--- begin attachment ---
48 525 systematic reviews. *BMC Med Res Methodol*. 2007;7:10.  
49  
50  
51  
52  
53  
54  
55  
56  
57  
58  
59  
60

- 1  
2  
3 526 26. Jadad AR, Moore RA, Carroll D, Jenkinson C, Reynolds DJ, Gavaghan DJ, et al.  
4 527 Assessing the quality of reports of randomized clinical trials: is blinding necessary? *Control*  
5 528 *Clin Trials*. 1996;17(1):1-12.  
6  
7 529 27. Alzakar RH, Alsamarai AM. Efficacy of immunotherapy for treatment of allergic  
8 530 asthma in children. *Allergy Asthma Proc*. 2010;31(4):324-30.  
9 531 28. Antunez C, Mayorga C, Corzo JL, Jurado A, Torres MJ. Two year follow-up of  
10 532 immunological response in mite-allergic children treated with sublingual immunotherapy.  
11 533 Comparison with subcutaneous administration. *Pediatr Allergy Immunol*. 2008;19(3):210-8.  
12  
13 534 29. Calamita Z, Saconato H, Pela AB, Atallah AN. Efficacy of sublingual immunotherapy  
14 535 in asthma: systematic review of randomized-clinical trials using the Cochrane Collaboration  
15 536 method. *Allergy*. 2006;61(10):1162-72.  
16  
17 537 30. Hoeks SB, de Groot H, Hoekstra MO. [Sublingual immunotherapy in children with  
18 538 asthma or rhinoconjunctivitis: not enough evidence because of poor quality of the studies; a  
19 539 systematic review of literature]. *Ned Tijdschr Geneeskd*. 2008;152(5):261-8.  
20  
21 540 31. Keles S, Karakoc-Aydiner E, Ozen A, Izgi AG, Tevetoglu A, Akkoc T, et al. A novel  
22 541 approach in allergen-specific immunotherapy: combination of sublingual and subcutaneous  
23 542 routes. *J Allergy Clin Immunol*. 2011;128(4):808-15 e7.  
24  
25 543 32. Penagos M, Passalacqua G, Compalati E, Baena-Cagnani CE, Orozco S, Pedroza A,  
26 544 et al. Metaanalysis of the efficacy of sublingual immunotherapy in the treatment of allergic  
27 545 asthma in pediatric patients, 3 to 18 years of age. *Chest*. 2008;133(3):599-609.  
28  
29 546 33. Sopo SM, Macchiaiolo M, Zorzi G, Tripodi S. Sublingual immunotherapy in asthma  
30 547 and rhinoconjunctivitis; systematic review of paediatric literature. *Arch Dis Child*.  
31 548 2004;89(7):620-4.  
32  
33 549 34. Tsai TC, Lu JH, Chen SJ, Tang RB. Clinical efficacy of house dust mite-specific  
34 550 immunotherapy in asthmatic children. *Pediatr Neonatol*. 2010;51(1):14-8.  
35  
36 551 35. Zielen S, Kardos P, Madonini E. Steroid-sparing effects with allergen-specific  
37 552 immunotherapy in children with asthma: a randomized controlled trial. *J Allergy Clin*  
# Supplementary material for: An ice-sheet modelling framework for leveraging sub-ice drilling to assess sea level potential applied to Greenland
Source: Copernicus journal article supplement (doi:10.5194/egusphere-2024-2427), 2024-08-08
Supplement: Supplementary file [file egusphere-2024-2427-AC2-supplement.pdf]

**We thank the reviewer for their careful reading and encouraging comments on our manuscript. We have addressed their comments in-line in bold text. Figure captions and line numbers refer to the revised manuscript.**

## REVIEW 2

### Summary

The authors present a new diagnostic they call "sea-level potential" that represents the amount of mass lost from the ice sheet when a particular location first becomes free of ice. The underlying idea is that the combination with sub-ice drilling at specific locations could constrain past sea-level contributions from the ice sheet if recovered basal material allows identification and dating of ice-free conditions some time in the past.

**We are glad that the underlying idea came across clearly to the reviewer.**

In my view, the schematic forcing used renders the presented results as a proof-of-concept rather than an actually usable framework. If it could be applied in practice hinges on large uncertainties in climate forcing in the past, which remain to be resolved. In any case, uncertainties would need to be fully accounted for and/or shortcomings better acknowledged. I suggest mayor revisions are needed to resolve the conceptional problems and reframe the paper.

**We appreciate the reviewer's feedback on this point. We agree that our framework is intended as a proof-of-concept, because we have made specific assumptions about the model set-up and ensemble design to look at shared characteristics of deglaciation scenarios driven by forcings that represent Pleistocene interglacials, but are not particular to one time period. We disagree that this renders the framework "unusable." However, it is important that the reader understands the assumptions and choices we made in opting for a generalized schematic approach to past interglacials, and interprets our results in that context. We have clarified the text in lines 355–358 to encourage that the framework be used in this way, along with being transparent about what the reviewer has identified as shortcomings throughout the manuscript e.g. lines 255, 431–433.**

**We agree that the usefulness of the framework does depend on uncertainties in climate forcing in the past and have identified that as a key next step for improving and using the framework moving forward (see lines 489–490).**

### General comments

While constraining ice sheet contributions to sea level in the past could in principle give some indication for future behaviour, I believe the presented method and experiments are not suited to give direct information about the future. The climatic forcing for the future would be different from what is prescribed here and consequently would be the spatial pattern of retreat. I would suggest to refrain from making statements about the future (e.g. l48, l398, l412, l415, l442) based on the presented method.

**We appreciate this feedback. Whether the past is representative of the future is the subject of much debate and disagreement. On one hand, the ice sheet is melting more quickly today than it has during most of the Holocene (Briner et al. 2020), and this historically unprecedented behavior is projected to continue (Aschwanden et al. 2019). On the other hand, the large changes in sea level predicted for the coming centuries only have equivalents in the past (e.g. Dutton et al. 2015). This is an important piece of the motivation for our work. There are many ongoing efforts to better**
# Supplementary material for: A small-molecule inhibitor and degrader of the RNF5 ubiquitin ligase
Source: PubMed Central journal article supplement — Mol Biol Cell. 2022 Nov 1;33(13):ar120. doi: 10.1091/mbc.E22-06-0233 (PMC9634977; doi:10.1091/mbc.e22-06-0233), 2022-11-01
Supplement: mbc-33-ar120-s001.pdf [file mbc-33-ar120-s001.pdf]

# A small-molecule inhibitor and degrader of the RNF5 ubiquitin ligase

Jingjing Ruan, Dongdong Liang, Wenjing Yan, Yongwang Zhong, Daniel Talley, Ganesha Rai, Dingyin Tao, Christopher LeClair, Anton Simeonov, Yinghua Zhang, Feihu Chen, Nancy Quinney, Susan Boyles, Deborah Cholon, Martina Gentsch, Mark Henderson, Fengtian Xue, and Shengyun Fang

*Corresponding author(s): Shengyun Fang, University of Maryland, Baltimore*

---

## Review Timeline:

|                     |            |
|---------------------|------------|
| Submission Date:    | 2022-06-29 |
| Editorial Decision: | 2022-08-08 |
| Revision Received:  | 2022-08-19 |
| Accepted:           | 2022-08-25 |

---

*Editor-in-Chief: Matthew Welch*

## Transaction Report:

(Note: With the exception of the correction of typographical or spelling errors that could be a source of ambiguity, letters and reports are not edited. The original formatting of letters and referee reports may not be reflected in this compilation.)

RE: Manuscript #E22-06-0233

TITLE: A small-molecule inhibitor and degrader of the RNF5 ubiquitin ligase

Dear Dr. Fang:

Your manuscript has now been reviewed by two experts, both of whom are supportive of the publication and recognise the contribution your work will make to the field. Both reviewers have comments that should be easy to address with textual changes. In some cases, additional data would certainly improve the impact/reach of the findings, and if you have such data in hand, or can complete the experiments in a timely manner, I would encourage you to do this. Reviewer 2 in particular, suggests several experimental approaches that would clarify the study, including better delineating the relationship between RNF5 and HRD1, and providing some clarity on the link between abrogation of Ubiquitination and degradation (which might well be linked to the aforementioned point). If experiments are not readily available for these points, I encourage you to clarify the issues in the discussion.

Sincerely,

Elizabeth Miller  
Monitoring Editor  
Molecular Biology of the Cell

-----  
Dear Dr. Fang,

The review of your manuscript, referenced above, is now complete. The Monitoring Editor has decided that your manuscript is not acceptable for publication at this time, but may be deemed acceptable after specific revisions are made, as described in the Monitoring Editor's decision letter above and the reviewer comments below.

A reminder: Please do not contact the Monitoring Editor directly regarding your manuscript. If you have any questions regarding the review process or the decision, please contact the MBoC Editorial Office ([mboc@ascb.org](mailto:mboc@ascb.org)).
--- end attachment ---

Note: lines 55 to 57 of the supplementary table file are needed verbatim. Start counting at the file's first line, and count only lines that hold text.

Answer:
## REVIEW 2

### Summary

The authors present a new diagnostic they call "sea-level potential" that represents the amount of mass lost from the ice sheet when a particular location first becomes free of ice. The underlying idea is that the combination with sub-ice drilling at specific locations could constrain past sea-level contributions from the ice sheet if recovered basal material allows identification and dating of ice-free conditions some time in the past.